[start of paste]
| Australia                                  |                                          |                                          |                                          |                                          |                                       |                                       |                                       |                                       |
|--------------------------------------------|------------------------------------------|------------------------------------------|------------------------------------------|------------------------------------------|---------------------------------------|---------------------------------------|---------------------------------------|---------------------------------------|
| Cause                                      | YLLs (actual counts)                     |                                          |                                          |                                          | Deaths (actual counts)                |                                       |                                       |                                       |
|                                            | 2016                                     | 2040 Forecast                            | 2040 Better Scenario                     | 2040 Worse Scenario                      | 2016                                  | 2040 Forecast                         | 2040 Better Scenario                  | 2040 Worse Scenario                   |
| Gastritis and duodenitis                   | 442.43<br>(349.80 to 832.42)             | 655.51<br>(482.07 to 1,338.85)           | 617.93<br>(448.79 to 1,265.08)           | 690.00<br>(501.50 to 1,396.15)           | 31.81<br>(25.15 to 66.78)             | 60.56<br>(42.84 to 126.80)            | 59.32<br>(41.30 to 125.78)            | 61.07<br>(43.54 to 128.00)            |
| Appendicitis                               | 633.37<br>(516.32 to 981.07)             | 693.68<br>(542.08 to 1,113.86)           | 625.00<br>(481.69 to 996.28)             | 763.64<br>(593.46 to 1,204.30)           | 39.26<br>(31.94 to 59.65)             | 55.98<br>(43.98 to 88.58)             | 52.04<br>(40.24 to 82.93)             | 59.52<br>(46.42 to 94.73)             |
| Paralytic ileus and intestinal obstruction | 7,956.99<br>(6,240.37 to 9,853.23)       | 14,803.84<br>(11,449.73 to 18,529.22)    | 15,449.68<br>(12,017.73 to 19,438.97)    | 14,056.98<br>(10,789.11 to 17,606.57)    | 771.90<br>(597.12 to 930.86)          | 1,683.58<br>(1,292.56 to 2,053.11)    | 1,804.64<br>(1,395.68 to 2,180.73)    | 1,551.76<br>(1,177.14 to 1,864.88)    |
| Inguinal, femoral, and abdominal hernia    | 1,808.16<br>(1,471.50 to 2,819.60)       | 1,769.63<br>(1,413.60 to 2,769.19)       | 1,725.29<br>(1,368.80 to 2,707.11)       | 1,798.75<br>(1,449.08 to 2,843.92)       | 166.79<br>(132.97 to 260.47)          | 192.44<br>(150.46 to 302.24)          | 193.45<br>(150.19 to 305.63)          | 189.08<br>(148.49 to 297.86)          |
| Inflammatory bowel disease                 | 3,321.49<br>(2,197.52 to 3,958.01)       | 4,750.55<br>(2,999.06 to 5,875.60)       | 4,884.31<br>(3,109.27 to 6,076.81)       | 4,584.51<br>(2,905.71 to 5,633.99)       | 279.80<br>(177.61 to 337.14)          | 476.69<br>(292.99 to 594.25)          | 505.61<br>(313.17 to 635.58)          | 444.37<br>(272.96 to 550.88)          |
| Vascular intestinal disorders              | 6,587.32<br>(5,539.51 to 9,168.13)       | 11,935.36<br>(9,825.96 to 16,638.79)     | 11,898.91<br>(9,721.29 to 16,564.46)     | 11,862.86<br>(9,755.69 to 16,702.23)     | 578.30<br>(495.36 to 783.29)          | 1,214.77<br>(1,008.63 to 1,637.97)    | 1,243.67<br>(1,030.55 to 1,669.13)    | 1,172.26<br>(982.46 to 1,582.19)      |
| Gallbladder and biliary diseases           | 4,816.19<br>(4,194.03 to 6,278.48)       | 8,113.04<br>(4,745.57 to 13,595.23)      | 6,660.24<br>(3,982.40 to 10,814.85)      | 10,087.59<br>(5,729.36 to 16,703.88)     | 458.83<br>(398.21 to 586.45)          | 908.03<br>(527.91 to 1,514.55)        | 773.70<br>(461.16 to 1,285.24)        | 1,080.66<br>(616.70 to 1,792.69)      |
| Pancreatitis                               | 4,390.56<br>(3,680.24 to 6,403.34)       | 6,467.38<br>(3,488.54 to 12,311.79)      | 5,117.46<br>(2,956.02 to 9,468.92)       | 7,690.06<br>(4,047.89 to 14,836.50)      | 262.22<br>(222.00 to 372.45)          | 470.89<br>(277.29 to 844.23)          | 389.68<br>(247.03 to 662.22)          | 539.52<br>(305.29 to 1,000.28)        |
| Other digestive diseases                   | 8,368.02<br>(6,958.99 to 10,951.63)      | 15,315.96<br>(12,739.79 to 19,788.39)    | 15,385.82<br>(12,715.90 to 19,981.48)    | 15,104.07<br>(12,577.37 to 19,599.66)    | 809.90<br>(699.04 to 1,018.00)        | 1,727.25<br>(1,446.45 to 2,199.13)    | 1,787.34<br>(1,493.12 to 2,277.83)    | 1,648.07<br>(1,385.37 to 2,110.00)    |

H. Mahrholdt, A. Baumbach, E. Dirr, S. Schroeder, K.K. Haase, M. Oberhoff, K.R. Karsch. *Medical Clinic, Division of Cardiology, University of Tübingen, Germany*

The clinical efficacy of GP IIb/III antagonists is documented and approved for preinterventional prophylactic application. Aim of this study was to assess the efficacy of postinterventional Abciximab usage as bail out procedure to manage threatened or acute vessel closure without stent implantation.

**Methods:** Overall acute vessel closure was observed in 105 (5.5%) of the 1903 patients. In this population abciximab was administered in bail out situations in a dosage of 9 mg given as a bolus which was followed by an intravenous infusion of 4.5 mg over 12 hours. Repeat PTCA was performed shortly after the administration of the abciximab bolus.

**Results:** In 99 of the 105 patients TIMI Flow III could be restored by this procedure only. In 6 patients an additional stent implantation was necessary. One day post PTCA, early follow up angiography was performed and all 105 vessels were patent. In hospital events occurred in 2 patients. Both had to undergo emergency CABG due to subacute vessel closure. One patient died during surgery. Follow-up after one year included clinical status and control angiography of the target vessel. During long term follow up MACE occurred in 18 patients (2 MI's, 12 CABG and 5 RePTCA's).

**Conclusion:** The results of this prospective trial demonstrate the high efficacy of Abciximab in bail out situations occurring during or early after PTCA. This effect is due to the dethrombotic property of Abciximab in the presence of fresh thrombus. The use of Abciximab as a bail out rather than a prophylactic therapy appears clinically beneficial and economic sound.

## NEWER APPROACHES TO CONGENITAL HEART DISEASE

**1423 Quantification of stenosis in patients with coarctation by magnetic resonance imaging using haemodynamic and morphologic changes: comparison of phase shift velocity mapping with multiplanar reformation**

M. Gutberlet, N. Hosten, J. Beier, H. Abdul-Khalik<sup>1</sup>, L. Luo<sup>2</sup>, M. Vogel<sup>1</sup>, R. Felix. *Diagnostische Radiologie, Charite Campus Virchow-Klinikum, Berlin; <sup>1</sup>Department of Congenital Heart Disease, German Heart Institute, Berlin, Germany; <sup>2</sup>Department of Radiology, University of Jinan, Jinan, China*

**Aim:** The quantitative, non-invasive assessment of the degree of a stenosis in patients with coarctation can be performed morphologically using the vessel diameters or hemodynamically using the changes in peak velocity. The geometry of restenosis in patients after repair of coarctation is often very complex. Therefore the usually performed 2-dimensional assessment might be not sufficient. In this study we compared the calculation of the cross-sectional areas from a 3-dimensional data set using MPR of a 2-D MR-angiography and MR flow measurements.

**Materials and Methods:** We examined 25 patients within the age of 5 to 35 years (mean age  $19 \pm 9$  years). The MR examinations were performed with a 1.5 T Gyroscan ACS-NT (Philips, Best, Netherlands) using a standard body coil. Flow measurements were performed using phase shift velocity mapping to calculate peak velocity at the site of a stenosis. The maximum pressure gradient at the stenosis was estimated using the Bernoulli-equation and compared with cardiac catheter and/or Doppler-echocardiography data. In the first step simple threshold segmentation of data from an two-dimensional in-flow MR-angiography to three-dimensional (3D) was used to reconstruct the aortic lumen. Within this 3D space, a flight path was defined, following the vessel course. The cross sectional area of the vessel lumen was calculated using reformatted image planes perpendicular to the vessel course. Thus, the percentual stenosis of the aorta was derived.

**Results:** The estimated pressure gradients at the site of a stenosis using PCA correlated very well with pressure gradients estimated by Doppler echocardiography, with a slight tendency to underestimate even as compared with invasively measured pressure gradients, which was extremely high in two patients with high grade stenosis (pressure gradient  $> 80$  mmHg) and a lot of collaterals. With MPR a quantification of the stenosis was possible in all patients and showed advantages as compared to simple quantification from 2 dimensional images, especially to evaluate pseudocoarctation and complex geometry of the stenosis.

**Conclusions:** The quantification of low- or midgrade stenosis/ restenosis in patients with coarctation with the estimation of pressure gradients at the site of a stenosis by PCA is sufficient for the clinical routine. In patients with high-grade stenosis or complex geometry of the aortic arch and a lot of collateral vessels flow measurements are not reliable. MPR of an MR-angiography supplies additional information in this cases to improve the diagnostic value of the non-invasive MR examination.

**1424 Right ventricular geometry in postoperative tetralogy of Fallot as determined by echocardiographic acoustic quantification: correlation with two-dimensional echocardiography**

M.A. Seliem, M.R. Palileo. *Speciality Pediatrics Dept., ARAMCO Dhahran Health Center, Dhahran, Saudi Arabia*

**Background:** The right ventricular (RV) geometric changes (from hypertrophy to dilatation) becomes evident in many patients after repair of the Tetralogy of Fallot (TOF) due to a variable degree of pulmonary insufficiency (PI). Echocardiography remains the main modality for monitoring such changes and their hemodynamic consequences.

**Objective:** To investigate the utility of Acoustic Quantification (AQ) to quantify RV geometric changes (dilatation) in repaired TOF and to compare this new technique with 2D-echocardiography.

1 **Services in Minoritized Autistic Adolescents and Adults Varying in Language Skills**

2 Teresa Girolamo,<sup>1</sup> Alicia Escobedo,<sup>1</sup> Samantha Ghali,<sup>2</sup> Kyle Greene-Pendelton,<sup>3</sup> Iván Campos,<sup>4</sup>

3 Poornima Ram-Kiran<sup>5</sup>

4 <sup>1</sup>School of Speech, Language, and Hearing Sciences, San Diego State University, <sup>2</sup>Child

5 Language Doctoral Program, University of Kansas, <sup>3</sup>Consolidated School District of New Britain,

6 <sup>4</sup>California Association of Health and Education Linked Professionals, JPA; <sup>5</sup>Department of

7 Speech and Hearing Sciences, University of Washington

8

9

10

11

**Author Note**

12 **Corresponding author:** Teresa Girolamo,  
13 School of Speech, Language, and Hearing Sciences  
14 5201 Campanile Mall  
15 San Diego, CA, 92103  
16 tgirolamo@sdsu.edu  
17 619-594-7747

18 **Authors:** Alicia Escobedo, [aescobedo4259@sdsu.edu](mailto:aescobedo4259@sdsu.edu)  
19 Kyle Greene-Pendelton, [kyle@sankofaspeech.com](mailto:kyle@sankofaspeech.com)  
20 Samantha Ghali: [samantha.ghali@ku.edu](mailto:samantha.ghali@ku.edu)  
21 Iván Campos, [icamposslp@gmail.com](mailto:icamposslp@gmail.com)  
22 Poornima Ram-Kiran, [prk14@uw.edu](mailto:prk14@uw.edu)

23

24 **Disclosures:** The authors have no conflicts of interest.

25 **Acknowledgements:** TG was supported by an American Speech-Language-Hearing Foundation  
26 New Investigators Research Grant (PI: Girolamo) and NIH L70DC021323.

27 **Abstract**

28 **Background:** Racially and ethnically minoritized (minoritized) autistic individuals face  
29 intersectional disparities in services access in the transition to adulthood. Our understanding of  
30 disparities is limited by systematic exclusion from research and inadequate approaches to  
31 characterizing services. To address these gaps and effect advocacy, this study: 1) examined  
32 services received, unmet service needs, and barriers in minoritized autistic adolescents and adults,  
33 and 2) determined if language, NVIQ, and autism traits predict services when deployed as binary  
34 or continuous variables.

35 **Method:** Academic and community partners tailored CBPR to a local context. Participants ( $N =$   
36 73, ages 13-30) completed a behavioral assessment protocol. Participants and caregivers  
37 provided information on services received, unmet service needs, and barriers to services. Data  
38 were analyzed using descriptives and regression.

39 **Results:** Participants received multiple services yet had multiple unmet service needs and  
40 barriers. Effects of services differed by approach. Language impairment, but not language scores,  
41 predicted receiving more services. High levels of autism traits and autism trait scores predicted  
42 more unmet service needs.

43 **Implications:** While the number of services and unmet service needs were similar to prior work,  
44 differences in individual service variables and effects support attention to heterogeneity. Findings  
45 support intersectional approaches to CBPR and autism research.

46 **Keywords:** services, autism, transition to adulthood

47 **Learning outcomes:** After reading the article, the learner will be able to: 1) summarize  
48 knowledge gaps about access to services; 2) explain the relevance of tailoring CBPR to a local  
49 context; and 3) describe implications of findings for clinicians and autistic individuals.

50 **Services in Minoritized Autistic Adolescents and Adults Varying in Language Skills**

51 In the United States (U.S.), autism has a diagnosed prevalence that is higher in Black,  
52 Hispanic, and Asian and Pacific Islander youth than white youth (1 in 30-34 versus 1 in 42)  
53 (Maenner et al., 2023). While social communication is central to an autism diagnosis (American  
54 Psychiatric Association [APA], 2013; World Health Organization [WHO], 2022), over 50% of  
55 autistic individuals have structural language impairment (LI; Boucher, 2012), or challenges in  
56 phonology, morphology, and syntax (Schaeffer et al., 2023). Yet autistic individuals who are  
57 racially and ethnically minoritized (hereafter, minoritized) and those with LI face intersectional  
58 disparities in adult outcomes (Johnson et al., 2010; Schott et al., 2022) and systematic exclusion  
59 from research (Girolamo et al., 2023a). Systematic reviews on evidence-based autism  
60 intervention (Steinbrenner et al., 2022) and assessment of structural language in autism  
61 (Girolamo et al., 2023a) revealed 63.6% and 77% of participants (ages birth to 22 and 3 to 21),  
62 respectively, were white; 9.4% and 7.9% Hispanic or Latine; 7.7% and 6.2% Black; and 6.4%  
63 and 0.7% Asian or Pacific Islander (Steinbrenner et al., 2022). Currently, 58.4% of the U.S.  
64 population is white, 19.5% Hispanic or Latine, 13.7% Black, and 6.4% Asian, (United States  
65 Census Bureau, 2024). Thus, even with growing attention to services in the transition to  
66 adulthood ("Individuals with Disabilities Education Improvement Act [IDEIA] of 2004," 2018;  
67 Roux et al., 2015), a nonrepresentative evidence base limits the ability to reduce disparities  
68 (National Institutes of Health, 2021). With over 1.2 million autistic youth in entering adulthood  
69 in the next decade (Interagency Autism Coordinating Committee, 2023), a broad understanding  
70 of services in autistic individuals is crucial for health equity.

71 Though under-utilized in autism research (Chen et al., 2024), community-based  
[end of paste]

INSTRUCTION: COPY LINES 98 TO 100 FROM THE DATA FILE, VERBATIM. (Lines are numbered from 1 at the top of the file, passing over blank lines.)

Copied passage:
68 (National Institutes of Health, 2021). With over 1.2 million autistic youth in entering adulthood  
69 in the next decade (Interagency Autism Coordinating Committee, 2023), a broad understanding  
70 of services in autistic individuals is crucial for health equity.